“Random variable” is perhaps the most overloaded and unhelpful term in statistics and in my humble opinion should be avoided at all costs. The confusion in the documentation is largely due to implicit assumptions and overloading of meanings, but there’s not much that can be done without changing the block names and/or requiring more probability theory background from users.

At its most abstract level a Stan program defines a joint probability density function over the product of two spaces which I will denote Y and \Theta. In general Y is itself a product space comprised of many component spaces represented by variables defined in the `data`

or `transformed data`

block but, and confusingly, *not necessarily all* of the variables declared in those blocks. In other words we have

y = (y_1, \ldots, y_N)

where the variables on the right hand side include some but not necessarily all of the variables defined in the `data`

and `transformed data`

blocks. On the other hand \Theta is also generally product space, but one comprised of component space represented by *all* of the variables defined in the `parameters`

block,

\theta = (\theta_1, \ldots, \theta_I).

The algorithms library then take this joint density function and partially evaluate it by binding y_1, \ldots, y_N to values specified by the external interface, yielding something proportional to a conditional distribution,

\pi( \theta_1, \ldots, \theta_I \mid \tilde{y}_1, \ldots, \tilde{y}_N) \propto \pi(\tilde{y}_1, \ldots, \tilde{y}_N, \theta_1, \ldots, \theta_I ).

This unnormalized conditional density function is then used to inform estimates of conditional expectation values.

The problem with transformations is that if f : x\mapsto z then for any density function

\pi(z) \ne \pi( f(x) );

instead we need a Jacobian determinant correction. In the context of a Stan program transformations of *any* of the variables in Y or \Theta technically require a correction. If f : y_1 \mapsto z_1 then

\pi(z, \ldots, y_N, \theta_1, \ldots, \theta_I ) \ne \pi(f(y_1), \ldots, y_N, \theta_1, \ldots, \theta_I )

and if g : \theta_1 \mapsto \eta_1 then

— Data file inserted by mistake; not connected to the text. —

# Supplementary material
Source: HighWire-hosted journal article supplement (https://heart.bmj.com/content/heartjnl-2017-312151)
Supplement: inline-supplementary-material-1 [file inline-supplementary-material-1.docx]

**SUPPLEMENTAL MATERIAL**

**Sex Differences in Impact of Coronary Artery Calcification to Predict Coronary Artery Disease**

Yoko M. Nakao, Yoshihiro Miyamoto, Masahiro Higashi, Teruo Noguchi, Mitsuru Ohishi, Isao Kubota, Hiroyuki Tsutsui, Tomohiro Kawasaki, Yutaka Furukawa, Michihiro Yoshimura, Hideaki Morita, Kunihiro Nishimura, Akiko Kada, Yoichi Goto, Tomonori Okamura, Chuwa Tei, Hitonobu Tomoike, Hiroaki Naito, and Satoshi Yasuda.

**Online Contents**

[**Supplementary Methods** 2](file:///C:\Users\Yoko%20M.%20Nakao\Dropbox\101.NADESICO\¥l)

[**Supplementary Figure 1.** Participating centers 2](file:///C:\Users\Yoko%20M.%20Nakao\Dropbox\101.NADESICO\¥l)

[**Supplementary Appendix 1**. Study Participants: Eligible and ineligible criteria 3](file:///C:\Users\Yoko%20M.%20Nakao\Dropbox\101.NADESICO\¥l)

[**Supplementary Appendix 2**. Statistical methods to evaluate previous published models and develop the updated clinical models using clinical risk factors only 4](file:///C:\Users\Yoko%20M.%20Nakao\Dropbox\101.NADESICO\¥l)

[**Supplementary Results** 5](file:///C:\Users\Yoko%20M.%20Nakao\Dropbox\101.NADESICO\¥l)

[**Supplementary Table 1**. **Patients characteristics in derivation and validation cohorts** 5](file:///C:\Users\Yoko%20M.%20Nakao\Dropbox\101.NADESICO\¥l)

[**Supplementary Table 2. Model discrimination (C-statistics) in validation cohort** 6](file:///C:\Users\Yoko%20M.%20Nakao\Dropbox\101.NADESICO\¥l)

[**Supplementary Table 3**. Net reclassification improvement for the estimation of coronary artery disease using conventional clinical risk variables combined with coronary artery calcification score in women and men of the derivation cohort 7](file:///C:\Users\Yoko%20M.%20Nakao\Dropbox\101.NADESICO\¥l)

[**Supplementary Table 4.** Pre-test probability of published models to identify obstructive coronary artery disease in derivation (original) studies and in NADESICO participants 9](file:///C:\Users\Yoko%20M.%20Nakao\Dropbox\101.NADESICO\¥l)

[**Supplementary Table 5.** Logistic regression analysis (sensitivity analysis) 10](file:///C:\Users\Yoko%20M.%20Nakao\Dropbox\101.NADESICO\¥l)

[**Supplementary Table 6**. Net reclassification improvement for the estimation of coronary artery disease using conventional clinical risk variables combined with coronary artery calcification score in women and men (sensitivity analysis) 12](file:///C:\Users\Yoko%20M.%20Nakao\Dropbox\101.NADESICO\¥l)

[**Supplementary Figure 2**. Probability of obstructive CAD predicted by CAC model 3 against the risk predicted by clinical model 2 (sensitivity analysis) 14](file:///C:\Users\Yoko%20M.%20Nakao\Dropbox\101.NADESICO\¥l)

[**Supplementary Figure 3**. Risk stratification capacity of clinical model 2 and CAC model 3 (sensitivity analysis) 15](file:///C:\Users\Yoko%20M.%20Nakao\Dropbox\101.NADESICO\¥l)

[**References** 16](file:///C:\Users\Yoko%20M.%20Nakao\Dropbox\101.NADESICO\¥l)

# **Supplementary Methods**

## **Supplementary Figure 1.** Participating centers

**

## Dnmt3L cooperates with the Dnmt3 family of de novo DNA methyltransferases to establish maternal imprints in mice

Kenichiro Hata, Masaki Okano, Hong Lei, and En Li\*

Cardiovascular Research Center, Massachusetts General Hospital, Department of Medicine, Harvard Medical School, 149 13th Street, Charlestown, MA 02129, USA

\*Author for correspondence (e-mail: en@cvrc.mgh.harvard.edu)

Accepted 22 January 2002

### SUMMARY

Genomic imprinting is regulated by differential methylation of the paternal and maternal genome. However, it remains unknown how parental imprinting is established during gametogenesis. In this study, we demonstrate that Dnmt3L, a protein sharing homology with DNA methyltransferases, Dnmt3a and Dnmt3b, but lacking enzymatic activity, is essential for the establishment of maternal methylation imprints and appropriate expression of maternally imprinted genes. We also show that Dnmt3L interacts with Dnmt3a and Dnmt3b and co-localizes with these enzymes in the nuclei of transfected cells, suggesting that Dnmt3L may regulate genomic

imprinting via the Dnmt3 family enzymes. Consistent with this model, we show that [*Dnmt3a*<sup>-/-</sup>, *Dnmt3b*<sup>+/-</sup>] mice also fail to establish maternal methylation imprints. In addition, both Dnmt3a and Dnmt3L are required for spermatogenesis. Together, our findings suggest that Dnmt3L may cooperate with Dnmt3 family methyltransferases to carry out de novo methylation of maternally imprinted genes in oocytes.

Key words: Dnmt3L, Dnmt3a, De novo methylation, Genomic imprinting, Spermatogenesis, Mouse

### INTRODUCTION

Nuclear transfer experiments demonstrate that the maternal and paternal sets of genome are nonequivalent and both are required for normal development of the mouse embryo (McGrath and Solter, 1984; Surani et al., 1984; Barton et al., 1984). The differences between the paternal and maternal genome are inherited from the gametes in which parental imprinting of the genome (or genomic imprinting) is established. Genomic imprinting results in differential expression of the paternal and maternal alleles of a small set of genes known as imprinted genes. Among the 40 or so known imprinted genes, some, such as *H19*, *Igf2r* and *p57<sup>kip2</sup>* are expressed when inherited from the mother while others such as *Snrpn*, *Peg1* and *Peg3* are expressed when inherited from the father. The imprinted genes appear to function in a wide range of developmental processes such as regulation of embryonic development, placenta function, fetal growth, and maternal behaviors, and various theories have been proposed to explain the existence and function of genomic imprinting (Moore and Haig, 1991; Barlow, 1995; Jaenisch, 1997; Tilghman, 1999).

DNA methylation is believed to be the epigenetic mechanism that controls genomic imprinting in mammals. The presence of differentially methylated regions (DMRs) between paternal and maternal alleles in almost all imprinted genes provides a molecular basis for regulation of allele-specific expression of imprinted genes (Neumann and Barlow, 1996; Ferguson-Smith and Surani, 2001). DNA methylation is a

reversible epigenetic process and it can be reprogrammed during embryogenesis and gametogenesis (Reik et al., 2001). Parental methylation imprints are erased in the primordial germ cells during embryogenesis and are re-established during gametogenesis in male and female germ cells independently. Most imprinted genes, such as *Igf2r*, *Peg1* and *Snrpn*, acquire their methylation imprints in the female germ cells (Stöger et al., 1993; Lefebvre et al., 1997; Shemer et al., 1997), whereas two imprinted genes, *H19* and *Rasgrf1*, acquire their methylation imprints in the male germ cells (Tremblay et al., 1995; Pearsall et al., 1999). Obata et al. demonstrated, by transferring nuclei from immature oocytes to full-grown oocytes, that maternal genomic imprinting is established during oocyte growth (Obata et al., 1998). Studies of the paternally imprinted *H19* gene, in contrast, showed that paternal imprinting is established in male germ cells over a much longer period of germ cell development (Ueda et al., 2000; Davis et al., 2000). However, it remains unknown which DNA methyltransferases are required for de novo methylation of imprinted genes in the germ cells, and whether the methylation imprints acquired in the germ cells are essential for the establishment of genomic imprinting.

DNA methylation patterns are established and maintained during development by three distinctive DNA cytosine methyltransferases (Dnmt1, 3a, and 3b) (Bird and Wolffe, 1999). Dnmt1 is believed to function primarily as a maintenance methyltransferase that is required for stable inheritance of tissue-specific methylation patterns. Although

\pi(y_1, \ldots, y_N, \eta_1, \ldots, \theta_I ) \ne \pi(y_1, \ldots, y_N, g(\theta_1), \ldots, \theta_I ).

All of this is pretty basic probability theory, but does requires understanding the subtleties of probability density functions and product spaces.

These corrections, however, are not so symmetric once we partially evaluate on the y_n variables. In this case the Jacobian corrections become constants – ignoring them does not change the behavior of the resulting unnormalized conditional density function. In other words the reason that one has to correct for “parameters” but not “data variables” is not a generic property of Stan programs but rather an accident of how Stan programs are used.

The second source of confusion is in the names of the blocks. Generally the spaces Y and \Theta can be used to implement all kinds of useful behavior. For prior predictive analyses where we don’t want to condition on anything Y would be empty and \Theta would correspond to the product of the observational and model configuration spaces. For posterior analyses we could take Y to the observational space and \Theta to be the model configuration space in which case the automatic partial evaluation gives an unnormalized posterior density function. Of course the blocks take their names from this last particular application, which makes it very confusing when trying to build a Stan program with any other interpretation.

In other words the block naming convention obscures the full potential of the language in an attempt to prioritize one particular application on which most users focused. More generic names could make the general probabilisitic structure more clear, but also require more probability theory understanding from users. There are definitely design constraints on both sides here, not to say that the current names are the best compromise.

For example to @vasishth’s point the term `parameter`

is sometimes used to describe variables taking values in a component of any product space; i.e. the variables “parameterizing” the product space. This particular interpretation would indeed be applicable equally well to the “Y” and “\Theta” spaces, both generally and when those spaces implicitly represent an observational space and model configuration space. The Stan block names assume that the term `parameter`

refers to only variables that parameterize the model configuration space, which to be fair is sloppy terminology at best.